1. Will the potassium react with the water sufficiently violently to damage her other pursuer? They basically need a jaw blown off to slow them down. The amount of potassium can be as large as needed. This takes place in a world equivalent to the late Victorian era, so there's no such thing as lab OH&S. :D

Yes, a large chunk of K will make a rather substantial explosion. Look on youtube for videos of a few grams. I would suggest that a pound of K would be adequate for her to jump out a window while the others are taking cover.
http://www.instructables.com/id/Sodium-and-Potassium-In-Water/


2. What alternate distractions could SAWDWTBMC create, purely with what chemicals are in reach? Massive amounts of chlorine gas, or something like that? Like I said, OH&S is not an issue.


Sodium also explodes nicely. That chlorine gas idea might work, but it would take a lot to do much. Chlorine just sits there and chokes people, but it might hide her departure.

bookworm92
03-10-2014, 06:34 PM
Back in school,my Chem teacher showed us this demo- potassium with cold water.The reaction was slightly violent, but no explosion. If you use a lot of potassium, it may work.

Also you can try having her dropping it in acid. (This is very dangerous, so you SAWDWTBMC should be careful)

Telergic
03-10-2014, 07:00 PM
IMO no common chemical or metal will do anything violent enough in a physical reaction to seriously affect regenerating bad guys unless the lab is actually working on explosives. If the lab is not working with some really dangerous material in large quantity -- unlikely -- most of the simple things that could be done would be no more than annoyances. If a momentary distraction is all that's needed, then there are many possibilities, but if you really need to defeat an enemy, that's going to be hard. As for the particular example of potassium, is it really plausible to have a kilo of potassium metal sitting around in a laboratory? Seems extremely improbable.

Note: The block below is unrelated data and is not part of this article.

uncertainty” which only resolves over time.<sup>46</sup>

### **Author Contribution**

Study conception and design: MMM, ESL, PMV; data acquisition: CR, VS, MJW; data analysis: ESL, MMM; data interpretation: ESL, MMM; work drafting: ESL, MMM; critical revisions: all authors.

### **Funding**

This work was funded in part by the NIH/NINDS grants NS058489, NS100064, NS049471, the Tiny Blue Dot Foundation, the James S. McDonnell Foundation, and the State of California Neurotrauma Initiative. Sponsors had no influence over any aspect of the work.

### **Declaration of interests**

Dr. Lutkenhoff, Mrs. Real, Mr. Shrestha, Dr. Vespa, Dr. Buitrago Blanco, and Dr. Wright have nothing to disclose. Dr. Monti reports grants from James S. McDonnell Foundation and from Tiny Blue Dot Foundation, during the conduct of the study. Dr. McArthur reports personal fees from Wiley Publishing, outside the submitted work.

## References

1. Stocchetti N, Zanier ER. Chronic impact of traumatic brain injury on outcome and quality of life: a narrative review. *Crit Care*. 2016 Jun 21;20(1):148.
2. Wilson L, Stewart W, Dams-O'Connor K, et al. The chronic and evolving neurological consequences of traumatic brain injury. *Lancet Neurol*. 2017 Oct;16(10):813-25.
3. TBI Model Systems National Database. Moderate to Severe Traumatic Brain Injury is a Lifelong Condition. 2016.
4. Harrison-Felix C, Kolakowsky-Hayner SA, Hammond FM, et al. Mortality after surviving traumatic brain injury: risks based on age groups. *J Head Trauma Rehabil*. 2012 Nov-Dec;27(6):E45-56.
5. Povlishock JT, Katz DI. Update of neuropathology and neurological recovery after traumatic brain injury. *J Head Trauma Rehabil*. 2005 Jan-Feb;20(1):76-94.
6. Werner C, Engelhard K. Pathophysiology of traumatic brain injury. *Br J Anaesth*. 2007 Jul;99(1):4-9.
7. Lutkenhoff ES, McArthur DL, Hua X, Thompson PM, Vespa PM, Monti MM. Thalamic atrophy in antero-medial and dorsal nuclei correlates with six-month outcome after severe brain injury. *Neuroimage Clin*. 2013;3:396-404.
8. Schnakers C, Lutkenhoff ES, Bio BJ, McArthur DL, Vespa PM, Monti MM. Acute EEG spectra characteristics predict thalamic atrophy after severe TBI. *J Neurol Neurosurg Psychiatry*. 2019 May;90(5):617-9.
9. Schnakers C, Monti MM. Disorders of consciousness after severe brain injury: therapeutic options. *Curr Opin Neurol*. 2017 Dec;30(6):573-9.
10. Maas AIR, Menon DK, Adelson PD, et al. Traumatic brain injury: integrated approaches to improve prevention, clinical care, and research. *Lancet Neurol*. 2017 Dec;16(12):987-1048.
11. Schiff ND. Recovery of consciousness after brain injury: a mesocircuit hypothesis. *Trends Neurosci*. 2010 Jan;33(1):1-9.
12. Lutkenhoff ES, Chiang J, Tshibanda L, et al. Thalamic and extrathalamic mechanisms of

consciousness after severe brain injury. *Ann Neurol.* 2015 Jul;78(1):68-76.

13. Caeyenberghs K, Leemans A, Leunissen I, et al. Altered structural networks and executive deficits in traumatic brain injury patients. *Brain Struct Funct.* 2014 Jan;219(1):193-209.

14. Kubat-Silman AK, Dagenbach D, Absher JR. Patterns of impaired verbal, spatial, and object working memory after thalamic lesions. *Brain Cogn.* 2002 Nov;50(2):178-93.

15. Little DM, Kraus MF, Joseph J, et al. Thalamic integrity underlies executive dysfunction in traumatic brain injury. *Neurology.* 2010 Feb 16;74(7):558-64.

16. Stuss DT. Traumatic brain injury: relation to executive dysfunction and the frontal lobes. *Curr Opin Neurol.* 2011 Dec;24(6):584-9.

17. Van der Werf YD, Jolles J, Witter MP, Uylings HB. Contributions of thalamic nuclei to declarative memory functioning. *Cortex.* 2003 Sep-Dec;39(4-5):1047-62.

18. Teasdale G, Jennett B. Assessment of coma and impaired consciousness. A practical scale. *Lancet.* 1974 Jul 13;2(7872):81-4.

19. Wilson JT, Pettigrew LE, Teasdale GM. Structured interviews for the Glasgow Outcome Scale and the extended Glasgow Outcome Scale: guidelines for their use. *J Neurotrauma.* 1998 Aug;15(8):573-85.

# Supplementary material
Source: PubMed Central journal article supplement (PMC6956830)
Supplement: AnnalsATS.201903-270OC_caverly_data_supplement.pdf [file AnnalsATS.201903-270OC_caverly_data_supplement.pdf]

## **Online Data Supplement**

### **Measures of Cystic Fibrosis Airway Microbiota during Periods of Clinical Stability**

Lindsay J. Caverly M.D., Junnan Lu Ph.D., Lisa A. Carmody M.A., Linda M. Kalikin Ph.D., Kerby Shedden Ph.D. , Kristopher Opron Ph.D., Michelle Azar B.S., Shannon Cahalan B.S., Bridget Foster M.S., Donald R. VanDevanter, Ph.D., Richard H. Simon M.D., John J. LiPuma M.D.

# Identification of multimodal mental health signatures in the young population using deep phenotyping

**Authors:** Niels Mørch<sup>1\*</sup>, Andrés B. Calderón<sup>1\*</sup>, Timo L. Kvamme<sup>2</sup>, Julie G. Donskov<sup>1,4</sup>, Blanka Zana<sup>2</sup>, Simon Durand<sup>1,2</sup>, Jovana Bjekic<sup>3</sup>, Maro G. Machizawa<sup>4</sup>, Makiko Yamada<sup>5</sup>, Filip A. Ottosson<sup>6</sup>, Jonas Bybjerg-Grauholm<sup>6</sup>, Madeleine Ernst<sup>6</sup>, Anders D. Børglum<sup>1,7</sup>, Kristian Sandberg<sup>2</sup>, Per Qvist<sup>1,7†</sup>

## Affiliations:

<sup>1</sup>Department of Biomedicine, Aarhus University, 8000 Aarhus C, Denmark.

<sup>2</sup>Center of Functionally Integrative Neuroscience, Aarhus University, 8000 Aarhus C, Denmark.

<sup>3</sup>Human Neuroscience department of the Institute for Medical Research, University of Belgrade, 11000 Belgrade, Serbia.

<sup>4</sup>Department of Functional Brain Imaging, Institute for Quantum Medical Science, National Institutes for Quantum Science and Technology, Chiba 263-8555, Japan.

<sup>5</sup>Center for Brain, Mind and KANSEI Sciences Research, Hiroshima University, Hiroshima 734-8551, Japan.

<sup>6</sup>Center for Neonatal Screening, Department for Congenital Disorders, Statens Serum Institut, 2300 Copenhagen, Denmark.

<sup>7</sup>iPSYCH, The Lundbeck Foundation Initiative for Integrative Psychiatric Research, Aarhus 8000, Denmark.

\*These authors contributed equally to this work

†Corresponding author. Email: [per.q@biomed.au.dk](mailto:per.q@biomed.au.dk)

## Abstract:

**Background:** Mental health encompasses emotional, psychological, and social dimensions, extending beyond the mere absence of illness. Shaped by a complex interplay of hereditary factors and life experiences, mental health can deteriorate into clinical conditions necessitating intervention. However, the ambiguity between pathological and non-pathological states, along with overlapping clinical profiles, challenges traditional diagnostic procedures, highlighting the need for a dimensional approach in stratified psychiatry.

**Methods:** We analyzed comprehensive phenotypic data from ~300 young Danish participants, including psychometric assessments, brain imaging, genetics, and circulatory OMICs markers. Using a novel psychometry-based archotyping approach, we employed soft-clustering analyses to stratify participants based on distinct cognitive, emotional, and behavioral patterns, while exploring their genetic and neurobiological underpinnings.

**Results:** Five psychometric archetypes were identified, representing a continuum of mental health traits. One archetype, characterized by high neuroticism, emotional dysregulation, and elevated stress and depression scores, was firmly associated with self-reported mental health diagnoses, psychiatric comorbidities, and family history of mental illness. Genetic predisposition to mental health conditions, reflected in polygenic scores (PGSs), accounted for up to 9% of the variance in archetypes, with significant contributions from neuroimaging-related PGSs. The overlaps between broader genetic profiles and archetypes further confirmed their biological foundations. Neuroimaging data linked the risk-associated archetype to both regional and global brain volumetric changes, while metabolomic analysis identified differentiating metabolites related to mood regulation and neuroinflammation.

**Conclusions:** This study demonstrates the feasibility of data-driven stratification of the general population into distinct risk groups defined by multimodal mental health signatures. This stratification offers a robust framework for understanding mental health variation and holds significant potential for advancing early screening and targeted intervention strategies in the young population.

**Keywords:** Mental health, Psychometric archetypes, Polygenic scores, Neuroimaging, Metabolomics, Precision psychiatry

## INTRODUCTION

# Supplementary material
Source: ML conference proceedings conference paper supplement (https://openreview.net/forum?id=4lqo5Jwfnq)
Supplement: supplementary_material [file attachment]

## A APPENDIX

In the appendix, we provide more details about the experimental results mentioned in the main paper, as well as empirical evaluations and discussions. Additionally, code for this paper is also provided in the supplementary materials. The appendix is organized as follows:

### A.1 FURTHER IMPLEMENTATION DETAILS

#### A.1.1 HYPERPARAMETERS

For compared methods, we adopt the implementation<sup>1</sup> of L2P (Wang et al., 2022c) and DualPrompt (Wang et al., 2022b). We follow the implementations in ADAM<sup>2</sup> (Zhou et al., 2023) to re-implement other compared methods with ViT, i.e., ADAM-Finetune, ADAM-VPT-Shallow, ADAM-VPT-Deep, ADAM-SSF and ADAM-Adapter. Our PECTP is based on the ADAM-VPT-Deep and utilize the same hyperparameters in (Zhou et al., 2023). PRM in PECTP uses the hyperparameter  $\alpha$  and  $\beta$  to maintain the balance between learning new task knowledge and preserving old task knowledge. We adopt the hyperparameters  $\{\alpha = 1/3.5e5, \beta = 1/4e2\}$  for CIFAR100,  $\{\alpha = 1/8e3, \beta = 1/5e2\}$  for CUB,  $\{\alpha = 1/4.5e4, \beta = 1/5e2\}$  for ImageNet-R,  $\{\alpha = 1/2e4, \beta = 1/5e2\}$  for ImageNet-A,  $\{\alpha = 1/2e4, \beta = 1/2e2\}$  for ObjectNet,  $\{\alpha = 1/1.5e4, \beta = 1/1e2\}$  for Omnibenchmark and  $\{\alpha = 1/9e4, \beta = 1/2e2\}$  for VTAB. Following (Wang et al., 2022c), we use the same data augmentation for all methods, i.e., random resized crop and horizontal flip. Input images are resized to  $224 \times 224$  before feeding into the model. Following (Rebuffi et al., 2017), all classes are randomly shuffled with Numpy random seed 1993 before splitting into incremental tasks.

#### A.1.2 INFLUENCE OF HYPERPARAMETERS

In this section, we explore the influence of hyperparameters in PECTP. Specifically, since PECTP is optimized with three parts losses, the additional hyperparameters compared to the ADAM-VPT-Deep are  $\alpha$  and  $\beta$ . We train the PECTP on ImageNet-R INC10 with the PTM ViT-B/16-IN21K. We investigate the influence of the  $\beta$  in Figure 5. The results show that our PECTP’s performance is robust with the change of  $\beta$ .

I think you might previously establish some special weakness, e.g. to chlorine gas, which is very easy to synthesize, but which I think couldn't reasonably be generated in sufficient quantity to disable ordinary people running for a couple of seconds through a big lab room. Depending on the chemistry being done, it's plausible that all kinds of extremely deadly poisons be available right at hand, for example cyanide, but then you have to get the bad guys to ingest it somehow.

There are a few poisons that are so deadly you just need skin contact with milligrams worth of the stuff to kill, but these are not reasonably going to be sitting around in a lab waiting to kill the chemists unless it's previously been established that's what the lab is working with.

veinglory
03-10-2014, 07:49 PM
You have more luck finding a way to inject them with a potassium solution

wendymarlowe
03-10-2014, 08:21 PM
I know you said Victorian era, but I rather like the idea of setting a large amount of sodium/potassium around and then turning on the sprinkler system :-P

Kregger
03-10-2014, 10:45 PM
You're using the wrong solvent. Water's good, but doesn't explode like anything based on petroleum. Even in Victorian times they understood petroleum products. I can't speak for what was available, but ether in any form is volatile and explosive. It works better as an explosive in vapor form. The trick is to heat it gently to vaporize it without flames. I don't know any lab worth its weight in salt that wouldn't have petrolem solvents. A few other chemicals to consider are Carbon Tetra Chloride and MEK.